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Go from Freelancer to CEO in three easy steps

Tom Peters said it best when he said I want to be the CEO of Me Inc. Who else could possibly do me better than I can?

Working with a client on her launch recently I had the misfortune of installing software to the wrong folder of her live website. Not a big deal. I deleted the installation and reinstalled to the correct folder. No harm done… right?

Except…

It was a big deal. By installing it to the wrong place I’d wiped out her live website while she was running Facebook ads to the tune of hundreds of dollars a day. As I’m sure you can imagine, she was understandably not impressed.

Here’s the kicker. I’m on her tech team. I’m the one she calls in to fix this kind of stuff, so I was the last person she expected to cause this kind of problem.

Her response to the whole thing however taught me something important. Bearing in mind that until she spoke to me, she wasn’t aware what had caused the issue.

She called me and explained the problem. I realised my error and apologised. She asked how long it would take to fix, if there was anything she could do to remedy the issue faster and asked that I schedule installations with her in the future and avoid installing software during times when her site would be experiencing heavy traffic.

No harm, no foul.

Just in case you missed that… She identified the problem, asked that I fix it, asked how she could help, gave feedback and moved on.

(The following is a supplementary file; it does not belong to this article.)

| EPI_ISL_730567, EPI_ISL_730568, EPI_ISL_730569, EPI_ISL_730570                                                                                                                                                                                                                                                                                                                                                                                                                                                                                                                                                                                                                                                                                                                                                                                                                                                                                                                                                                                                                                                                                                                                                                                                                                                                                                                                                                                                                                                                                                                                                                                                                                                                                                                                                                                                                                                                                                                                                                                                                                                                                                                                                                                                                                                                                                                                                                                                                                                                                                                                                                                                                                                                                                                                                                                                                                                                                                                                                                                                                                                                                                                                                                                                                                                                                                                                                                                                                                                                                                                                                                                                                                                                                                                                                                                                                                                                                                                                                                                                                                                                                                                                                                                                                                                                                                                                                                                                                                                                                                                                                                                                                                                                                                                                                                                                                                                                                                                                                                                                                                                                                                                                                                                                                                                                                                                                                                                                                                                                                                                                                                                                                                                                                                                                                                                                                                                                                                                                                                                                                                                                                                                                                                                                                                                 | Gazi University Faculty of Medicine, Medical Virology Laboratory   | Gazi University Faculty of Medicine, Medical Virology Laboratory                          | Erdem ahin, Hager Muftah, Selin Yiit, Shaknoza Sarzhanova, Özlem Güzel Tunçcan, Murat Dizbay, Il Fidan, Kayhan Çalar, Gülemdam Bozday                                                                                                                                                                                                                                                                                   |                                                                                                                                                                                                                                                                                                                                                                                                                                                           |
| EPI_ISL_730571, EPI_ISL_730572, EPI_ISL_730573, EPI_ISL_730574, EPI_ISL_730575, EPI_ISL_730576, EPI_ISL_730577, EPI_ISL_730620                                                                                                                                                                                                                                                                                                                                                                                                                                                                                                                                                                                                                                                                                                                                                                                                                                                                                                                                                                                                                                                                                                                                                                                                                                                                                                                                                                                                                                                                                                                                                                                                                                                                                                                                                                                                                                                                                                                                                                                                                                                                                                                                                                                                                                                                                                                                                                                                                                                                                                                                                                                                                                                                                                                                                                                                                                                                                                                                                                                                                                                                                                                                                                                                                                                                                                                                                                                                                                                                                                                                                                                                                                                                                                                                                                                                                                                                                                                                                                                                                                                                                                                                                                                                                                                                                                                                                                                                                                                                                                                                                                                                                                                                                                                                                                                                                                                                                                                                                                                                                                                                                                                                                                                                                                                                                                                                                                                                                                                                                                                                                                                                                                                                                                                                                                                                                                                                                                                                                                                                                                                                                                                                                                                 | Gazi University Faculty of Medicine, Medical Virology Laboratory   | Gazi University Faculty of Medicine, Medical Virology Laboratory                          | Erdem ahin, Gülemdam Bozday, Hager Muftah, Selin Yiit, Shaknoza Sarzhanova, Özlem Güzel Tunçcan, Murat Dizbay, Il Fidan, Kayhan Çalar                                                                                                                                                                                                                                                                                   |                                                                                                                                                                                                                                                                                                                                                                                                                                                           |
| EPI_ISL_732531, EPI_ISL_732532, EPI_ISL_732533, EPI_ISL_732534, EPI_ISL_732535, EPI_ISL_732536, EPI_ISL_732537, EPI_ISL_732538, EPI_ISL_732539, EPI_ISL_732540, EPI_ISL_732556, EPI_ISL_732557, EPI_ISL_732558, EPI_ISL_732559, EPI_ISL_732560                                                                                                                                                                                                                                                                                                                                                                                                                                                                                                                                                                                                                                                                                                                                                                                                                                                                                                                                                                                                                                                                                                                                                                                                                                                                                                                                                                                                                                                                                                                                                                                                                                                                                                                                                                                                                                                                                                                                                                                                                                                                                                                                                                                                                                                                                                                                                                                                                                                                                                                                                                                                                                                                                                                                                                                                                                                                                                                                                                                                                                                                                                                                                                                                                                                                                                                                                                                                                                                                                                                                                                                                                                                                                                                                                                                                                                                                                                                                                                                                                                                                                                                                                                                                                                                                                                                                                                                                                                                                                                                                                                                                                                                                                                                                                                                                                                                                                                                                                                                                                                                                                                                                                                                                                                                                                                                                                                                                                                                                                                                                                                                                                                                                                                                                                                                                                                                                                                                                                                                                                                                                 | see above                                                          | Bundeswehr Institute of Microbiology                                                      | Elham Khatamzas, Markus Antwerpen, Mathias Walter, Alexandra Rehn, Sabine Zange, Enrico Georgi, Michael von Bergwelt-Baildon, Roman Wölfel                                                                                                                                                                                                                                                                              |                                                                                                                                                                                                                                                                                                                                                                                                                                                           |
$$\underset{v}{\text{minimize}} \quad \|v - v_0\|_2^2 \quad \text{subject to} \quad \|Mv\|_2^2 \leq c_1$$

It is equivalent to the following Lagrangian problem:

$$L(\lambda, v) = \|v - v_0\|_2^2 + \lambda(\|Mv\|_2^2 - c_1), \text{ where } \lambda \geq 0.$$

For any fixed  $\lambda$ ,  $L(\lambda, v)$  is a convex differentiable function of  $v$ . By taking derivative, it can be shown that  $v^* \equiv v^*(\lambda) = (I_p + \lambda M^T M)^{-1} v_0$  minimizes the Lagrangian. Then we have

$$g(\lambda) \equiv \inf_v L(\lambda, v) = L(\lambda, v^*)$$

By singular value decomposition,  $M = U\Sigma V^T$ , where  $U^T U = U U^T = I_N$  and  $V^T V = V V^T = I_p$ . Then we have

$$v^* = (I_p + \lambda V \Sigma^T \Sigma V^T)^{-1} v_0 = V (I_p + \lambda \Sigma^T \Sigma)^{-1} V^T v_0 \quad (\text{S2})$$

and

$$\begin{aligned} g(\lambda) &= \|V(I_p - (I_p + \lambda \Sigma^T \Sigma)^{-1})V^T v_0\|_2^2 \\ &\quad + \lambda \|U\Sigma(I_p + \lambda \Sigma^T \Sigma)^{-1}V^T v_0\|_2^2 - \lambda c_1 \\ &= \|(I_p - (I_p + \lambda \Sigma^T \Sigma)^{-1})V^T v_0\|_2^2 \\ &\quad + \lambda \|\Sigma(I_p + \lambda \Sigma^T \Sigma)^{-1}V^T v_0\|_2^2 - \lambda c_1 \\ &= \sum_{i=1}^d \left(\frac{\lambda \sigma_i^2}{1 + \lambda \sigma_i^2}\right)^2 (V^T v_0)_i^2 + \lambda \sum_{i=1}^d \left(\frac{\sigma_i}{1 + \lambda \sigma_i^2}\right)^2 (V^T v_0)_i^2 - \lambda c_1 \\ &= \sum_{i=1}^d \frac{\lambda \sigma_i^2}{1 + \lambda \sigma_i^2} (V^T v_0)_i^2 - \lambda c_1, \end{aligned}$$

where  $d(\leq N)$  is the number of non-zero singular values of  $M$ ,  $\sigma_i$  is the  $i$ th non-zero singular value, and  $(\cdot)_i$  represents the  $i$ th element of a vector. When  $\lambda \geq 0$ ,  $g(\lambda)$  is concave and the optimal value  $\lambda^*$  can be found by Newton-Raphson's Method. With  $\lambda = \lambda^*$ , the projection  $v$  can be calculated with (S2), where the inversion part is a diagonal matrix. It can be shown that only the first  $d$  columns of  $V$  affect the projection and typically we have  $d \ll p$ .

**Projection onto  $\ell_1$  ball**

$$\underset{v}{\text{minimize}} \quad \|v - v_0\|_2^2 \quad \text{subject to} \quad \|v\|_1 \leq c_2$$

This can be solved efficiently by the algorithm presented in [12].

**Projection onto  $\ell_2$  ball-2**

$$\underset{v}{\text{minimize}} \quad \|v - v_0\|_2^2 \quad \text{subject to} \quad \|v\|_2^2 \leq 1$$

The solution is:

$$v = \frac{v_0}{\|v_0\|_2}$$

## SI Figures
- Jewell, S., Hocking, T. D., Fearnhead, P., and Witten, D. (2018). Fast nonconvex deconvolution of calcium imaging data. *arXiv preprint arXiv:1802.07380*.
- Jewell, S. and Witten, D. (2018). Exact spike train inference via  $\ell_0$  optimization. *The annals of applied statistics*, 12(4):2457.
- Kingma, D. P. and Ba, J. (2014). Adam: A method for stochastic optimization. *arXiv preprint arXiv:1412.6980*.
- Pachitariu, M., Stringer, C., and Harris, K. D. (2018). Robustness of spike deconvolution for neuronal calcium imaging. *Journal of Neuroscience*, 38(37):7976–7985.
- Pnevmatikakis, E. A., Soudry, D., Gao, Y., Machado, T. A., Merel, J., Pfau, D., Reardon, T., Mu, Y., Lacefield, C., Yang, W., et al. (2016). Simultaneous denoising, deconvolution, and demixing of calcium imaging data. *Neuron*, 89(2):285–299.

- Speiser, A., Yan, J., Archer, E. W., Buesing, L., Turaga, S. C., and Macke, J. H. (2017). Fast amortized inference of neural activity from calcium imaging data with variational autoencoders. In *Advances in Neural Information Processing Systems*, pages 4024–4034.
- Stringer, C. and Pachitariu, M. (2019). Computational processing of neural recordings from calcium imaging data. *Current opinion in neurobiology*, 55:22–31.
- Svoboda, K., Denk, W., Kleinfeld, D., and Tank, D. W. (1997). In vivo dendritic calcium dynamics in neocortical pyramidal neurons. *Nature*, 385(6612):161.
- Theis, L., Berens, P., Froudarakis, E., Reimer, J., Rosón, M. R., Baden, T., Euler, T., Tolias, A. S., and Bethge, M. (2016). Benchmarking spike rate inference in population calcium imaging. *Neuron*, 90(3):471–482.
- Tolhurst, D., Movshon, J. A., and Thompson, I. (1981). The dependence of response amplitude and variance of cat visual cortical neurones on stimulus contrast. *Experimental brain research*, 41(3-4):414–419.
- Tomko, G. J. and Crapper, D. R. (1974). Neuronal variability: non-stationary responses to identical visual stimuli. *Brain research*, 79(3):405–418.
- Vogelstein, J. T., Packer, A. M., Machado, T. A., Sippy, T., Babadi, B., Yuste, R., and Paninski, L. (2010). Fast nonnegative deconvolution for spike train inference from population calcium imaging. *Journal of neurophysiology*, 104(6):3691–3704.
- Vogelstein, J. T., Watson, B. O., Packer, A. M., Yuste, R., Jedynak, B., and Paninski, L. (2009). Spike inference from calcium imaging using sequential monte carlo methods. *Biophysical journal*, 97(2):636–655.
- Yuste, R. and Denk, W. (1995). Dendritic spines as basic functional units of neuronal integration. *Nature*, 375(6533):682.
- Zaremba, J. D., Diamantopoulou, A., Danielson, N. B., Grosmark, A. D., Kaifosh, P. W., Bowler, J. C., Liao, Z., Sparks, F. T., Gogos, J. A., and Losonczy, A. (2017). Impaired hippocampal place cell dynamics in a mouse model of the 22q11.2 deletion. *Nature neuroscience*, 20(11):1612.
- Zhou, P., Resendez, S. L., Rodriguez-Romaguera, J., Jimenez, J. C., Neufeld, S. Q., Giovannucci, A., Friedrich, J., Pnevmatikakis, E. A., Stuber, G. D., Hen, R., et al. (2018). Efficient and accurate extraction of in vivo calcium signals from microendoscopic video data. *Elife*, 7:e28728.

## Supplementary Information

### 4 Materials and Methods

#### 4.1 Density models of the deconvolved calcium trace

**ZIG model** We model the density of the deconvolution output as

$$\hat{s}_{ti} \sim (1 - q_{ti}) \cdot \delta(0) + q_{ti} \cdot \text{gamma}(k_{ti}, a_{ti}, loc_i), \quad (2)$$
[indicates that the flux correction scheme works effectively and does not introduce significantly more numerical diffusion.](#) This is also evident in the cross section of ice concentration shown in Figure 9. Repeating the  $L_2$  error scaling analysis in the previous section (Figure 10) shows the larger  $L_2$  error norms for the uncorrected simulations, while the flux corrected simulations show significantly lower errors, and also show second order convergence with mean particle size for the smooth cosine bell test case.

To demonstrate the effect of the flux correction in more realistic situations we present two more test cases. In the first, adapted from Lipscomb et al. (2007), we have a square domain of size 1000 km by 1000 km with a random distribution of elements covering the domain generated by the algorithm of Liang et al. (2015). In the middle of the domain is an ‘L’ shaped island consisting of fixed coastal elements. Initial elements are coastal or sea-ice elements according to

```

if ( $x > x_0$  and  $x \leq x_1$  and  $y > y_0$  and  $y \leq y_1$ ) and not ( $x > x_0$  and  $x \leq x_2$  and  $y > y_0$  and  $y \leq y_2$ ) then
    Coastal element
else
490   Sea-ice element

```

Her response to the whole thing reminded me of the approach of the One Minute Manager. As you can imagine, I won’t be making that mistake again, and I will be following her advice (which in hindsight was just plain common sense).

When you run a lifestyle business, things pretty much depend on you and your team. The life of a CEO CAN be summarised in three easy steps.

1. Embrace failure

Fail small, fail fast, learn faster. Understand that if it can wrong, at some point it probably will. Be prepared to deal with the unexpected. It’s just part of running a business.

2. Learn from it

Pilot everything. Expect the first draft to be bad. It’s research into what could go wrong, and a chance for you to learn how to do it right or better the next time around. Understand that perfection is unrealistic.

3. Move on

The faster you learn, the faster you become better. Experience is a wonderful teacher. Take the ‘failure’ as a lesson and put solutions in place to avoid it happening again or to minimise the disruption to your business if it were to happen again.

What thing have you failed at recently, and what did you learn from the experience? Please share in the comments below.